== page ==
Friday, July 16, 2010
The early years of the 1800s were even more significant for cricket. County teams were beginning to be formed. The first Eton vs. Harrow school match was held in 1805. In 1806 the first match between the Gentlemen and the Players was held at the first Lord's cricket ground in Dorset Square. As I understand it, the Gentlemen were talented amateurs and the Players were professional athletes of the game.
The new Lord's Cricket Ground in St. John's Wood was officially opened in May 1811 and famous players of the Regency era are still remembered. There were 'gentlemen' amateurs like George Osbaldeston, Lord Frederick Beauclerk, and E. H. Budd who hit the first 'century' on the new Lord's ground. A 'century' is 100 or more runs in a single innings. The 'players' included famous names like William Lambert, Tom Walker, and William 'Silver Billy' Beldham.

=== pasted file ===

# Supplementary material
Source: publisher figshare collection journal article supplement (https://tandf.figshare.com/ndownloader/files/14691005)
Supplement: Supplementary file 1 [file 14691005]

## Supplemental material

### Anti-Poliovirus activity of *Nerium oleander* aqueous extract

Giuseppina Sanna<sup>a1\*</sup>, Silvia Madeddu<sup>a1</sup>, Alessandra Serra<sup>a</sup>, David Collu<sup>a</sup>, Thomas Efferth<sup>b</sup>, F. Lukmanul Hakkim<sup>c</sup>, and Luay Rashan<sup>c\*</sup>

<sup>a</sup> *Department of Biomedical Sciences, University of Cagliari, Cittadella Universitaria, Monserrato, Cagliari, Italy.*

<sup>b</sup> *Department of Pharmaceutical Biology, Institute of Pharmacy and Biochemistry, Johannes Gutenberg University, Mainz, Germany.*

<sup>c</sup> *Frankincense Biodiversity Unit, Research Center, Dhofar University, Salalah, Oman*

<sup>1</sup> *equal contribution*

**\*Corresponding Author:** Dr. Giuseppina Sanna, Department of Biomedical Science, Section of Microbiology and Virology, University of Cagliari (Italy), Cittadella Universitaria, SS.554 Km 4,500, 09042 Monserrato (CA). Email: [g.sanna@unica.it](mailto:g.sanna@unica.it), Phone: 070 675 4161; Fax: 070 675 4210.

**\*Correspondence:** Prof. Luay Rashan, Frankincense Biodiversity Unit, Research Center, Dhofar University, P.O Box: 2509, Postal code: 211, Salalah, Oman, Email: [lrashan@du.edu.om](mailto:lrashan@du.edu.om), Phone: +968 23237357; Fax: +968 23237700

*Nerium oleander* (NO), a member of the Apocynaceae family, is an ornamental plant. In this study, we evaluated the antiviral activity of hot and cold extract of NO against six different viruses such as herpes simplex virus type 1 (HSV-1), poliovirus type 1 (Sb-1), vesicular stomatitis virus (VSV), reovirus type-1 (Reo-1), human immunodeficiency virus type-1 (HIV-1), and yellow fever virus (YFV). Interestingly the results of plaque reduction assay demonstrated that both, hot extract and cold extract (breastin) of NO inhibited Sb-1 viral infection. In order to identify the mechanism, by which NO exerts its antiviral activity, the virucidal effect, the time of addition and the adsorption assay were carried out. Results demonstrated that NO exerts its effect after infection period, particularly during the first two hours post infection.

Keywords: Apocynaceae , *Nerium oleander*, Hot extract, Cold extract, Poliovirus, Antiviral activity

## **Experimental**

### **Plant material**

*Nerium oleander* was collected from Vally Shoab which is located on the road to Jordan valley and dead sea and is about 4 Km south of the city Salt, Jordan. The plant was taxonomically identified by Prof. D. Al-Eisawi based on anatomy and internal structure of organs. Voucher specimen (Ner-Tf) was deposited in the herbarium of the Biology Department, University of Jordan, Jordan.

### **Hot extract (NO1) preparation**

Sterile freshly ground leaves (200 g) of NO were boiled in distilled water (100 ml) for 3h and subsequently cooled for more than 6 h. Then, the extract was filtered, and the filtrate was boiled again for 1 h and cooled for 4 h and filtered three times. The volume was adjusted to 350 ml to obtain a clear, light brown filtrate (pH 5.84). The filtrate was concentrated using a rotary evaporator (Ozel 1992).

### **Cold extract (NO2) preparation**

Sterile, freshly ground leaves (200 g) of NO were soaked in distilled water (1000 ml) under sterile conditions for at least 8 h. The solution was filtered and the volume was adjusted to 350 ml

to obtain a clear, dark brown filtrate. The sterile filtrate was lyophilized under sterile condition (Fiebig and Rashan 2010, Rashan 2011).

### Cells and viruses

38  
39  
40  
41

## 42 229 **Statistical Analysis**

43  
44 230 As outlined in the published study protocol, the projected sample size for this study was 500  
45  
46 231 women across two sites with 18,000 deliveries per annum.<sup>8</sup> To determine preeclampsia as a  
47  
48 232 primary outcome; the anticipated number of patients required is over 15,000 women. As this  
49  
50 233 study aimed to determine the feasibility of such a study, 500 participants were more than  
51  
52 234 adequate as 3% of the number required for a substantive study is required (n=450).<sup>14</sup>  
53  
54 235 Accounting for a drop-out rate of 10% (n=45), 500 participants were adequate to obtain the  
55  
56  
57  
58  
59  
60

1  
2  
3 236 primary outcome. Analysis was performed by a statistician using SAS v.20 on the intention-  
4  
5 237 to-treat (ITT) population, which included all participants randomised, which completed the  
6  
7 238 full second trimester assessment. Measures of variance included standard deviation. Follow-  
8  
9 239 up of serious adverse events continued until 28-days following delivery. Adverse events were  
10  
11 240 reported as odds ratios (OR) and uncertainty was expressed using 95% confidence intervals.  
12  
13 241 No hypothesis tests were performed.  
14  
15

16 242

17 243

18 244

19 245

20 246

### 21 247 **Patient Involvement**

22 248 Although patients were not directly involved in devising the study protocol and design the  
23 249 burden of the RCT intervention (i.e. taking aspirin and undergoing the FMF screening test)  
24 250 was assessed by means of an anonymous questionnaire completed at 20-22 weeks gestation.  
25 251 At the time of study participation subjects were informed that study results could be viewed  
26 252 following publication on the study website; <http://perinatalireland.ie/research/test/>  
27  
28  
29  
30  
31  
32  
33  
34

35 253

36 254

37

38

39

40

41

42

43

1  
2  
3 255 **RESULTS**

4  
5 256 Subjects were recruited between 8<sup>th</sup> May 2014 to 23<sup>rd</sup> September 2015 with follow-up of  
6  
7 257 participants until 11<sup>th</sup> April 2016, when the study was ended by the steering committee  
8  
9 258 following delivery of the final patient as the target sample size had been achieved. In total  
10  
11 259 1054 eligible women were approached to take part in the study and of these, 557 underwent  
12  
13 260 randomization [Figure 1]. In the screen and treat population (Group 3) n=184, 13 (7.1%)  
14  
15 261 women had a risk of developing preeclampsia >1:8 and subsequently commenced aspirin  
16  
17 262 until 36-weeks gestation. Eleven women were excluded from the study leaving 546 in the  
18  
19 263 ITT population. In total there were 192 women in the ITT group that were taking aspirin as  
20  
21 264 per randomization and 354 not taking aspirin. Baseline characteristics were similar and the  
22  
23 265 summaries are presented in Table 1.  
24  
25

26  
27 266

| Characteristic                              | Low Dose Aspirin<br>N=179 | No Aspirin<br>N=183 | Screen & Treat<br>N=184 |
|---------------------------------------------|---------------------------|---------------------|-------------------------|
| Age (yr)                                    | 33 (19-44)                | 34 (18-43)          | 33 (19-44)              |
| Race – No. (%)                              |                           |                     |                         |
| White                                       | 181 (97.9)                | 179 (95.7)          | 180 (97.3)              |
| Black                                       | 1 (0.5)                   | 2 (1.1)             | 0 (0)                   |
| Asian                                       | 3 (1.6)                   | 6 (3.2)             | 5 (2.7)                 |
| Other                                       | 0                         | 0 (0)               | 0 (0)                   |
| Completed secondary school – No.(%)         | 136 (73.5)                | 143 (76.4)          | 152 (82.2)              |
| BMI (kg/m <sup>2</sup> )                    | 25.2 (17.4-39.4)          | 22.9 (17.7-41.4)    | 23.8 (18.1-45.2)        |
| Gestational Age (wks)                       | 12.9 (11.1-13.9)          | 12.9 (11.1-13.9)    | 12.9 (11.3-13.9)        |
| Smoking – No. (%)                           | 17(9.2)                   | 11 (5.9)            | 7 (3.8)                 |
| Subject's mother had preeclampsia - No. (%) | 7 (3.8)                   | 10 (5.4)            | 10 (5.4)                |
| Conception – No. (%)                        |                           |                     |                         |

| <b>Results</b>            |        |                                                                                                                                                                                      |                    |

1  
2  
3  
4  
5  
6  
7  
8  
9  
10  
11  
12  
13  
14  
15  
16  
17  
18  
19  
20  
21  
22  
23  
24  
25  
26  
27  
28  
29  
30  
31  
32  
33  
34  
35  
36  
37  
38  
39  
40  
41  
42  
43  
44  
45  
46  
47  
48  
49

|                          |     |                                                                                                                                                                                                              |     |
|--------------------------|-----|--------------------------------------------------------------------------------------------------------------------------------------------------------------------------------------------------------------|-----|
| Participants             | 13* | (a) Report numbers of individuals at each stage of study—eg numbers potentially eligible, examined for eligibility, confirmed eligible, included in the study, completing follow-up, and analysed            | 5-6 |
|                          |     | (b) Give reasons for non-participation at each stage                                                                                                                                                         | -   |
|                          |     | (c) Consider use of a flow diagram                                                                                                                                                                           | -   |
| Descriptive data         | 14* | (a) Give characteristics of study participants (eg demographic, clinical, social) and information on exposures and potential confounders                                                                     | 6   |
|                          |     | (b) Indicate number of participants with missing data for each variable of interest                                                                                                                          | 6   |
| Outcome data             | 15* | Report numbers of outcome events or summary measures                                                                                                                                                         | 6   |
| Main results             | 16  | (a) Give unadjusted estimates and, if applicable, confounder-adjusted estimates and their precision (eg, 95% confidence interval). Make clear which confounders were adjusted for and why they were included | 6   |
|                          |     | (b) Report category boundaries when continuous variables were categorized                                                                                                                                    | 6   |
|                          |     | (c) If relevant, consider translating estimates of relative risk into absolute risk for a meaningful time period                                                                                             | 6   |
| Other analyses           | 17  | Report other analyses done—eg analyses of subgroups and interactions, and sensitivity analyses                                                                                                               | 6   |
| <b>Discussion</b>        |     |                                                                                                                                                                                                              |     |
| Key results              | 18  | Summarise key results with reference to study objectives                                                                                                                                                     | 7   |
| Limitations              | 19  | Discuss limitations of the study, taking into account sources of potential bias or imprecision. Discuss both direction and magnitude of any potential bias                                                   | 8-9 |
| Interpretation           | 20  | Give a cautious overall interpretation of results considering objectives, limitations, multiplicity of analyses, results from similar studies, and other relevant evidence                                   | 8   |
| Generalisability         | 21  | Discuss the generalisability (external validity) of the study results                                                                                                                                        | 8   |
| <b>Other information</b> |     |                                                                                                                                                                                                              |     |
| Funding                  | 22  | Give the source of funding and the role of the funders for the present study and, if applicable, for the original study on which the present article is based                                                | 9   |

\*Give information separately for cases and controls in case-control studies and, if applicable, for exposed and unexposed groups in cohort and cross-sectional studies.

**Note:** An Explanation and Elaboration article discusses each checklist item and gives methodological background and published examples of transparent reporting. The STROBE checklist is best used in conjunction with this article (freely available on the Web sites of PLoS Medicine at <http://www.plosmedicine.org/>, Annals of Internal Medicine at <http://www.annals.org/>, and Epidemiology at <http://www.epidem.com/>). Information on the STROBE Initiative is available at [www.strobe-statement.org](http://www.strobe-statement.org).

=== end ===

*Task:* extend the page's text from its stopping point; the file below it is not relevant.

The Napoleonic Wars created challenges for the game in terms of funding shortfalls and lack of players, but with the cessation of hostilities cricket resumed with the enthusiasm of its fans unabated. It has since spread all over the world, spawned a literature of its own, created heroes and villains, and become an obsession with many. Below is a cricket match held in Geneva in 1817 at the Plaine de Plainpalais:
It would be a mistake to ignore in any genre, set in any country or culture, a game so integral to the history and nature of its people. Do investigate cricket--its intricacies are well worth the study.
'Til next time,